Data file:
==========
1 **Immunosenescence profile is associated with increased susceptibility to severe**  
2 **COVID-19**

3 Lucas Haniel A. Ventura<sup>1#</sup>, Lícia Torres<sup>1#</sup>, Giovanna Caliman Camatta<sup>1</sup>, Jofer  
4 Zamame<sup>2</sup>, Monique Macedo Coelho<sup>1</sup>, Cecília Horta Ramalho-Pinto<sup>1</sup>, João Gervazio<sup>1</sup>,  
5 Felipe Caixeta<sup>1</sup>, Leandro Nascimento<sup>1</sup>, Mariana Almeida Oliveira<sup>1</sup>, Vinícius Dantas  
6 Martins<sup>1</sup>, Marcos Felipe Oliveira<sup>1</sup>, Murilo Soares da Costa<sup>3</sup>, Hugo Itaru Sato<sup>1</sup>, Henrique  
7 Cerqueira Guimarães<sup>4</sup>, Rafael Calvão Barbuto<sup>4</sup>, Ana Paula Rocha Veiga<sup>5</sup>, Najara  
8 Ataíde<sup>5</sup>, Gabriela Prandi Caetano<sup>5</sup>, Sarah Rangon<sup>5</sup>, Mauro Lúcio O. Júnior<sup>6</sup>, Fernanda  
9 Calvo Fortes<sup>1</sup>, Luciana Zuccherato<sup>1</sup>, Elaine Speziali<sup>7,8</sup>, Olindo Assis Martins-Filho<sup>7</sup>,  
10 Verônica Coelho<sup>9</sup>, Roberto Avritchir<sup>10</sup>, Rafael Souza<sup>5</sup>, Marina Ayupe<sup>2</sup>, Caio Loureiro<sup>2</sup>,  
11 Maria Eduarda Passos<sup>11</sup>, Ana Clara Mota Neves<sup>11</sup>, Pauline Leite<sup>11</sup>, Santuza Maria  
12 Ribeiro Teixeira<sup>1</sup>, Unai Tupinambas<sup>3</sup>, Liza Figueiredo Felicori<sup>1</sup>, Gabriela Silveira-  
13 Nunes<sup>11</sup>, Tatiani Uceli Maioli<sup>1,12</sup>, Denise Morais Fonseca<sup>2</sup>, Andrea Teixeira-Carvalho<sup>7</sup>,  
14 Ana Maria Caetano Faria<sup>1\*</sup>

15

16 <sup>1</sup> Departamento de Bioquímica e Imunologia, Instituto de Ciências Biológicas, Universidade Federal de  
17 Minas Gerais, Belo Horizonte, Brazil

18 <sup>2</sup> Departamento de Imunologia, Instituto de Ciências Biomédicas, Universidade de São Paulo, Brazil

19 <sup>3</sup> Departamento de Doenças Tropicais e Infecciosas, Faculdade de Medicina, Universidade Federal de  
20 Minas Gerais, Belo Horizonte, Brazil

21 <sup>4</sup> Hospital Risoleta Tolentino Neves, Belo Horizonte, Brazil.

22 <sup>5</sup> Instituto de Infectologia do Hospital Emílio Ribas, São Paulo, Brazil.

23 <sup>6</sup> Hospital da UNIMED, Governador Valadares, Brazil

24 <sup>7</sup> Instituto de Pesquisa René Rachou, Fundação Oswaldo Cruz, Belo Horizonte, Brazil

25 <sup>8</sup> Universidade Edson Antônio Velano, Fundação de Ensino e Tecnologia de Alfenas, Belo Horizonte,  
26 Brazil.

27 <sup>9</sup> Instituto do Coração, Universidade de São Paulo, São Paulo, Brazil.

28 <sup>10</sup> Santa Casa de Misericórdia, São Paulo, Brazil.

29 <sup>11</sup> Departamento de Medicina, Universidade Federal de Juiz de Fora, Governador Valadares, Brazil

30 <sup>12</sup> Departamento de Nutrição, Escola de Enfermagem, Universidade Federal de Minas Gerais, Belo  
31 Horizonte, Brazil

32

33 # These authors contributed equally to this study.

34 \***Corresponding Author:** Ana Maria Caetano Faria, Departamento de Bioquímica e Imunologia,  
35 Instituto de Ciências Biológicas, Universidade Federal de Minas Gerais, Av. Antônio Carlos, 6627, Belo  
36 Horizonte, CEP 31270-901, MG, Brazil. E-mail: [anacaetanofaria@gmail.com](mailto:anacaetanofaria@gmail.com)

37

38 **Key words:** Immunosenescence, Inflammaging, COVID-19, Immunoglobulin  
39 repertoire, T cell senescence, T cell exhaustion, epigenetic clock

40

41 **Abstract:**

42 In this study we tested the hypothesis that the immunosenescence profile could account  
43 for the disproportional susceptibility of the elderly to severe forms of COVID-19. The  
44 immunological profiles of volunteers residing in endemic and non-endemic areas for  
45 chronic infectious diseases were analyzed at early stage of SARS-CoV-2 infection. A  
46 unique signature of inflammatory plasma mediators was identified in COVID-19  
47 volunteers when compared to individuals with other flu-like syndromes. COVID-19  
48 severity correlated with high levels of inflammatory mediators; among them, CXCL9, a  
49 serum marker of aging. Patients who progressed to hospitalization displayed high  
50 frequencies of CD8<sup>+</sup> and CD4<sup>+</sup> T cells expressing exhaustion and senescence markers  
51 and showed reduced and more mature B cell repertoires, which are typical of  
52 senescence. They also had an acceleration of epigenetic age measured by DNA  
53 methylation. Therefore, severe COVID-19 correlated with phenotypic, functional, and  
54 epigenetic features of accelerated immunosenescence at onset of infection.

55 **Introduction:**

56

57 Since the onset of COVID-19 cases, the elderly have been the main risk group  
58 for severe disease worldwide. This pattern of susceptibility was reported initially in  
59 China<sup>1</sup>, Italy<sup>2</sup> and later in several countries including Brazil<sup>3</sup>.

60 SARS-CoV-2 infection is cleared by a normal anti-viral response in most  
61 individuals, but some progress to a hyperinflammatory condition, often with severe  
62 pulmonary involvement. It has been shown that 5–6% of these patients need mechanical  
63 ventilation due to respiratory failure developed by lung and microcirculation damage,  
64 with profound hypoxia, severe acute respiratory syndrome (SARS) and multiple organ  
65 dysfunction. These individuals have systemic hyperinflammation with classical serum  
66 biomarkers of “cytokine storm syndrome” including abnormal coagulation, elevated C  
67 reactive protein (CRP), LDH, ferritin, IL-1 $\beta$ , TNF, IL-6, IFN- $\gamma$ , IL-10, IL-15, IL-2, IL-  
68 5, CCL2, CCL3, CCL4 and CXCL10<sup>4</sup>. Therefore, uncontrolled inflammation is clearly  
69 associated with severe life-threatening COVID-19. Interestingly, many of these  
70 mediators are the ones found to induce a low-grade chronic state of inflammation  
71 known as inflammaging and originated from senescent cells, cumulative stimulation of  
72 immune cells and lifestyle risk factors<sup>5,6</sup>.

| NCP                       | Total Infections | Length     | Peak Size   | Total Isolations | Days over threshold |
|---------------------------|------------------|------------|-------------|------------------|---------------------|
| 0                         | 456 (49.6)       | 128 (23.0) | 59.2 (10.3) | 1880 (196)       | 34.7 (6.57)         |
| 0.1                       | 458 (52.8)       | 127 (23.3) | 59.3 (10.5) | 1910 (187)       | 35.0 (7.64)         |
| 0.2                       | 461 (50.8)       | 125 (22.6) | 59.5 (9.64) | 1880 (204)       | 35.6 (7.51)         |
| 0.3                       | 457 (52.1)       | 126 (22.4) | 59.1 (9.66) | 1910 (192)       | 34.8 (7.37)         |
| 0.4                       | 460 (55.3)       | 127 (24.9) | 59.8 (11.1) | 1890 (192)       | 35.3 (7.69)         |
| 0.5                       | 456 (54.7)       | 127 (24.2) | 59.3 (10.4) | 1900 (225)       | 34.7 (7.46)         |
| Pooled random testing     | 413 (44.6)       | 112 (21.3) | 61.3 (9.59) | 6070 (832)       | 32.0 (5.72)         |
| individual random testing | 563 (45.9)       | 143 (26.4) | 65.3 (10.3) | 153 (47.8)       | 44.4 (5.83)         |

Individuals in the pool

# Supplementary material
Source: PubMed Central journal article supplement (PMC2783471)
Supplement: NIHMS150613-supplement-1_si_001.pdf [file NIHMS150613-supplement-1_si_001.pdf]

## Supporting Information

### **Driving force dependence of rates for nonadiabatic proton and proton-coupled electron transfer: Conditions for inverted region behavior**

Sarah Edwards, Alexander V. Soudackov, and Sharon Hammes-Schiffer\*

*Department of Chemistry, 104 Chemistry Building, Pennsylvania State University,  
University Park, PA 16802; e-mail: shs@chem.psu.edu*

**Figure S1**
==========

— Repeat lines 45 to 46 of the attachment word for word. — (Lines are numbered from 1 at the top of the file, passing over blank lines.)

45 chronic infectious diseases were analyzed at early stage of SARS-CoV-2 infection. A  
46 unique signature of inflammatory plasma mediators was identified in COVID-19  